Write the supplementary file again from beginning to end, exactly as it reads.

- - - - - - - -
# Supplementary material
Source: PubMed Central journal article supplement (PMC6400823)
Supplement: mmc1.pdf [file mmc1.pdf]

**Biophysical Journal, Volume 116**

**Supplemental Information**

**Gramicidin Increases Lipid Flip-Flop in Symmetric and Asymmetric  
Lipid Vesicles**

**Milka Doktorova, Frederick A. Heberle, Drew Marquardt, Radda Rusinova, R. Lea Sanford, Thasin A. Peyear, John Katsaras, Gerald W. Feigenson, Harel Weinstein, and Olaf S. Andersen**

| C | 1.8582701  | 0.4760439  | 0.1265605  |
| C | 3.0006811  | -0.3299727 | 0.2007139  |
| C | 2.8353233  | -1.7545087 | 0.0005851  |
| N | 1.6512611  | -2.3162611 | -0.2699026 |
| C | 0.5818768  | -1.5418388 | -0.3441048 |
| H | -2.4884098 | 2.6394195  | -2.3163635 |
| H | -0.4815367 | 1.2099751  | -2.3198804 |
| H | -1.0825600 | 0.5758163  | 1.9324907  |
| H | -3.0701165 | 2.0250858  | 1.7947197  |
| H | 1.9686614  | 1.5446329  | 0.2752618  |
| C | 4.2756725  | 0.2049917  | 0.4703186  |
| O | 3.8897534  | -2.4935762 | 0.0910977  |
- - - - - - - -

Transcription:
# Supplementary material
Source: PubMed Central journal article supplement (PMC6400823)
Supplement: mmc1.pdf [file mmc1.pdf]

**Biophysical Journal, Volume 116**

**Supplemental Information**

**Gramicidin Increases Lipid Flip-Flop in Symmetric and Asymmetric  
Lipid Vesicles**

**Milka Doktorova, Frederick A. Heberle, Drew Marquardt, Radda Rusinova, R. Lea Sanford, Thasin A. Peyear, John Katsaras, Gerald W. Feigenson, Harel Weinstein, and Olaf S. Andersen**

| C | 1.8582701  | 0.4760439  | 0.1265605  |
| C | 3.0006811  | -0.3299727 | 0.2007139  |
| C | 2.8353233  | -1.7545087 | 0.0005851  |
| N | 1.6512611  | -2.3162611 | -0.2699026 |
| C | 0.5818768  | -1.5418388 | -0.3441048 |
| H | -2.4884098 | 2.6394195  | -2.3163635 |
| H | -0.4815367 | 1.2099751  | -2.3198804 |
| H | -1.0825600 | 0.5758163  | 1.9324907  |
| H | -3.0701165 | 2.0250858  | 1.7947197  |
| H | 1.9686614  | 1.5446329  | 0.2752618  |
| C | 4.2756725  | 0.2049917  | 0.4703186  |
| O | 3.8897534  | -2.4935762 | 0.0910977  |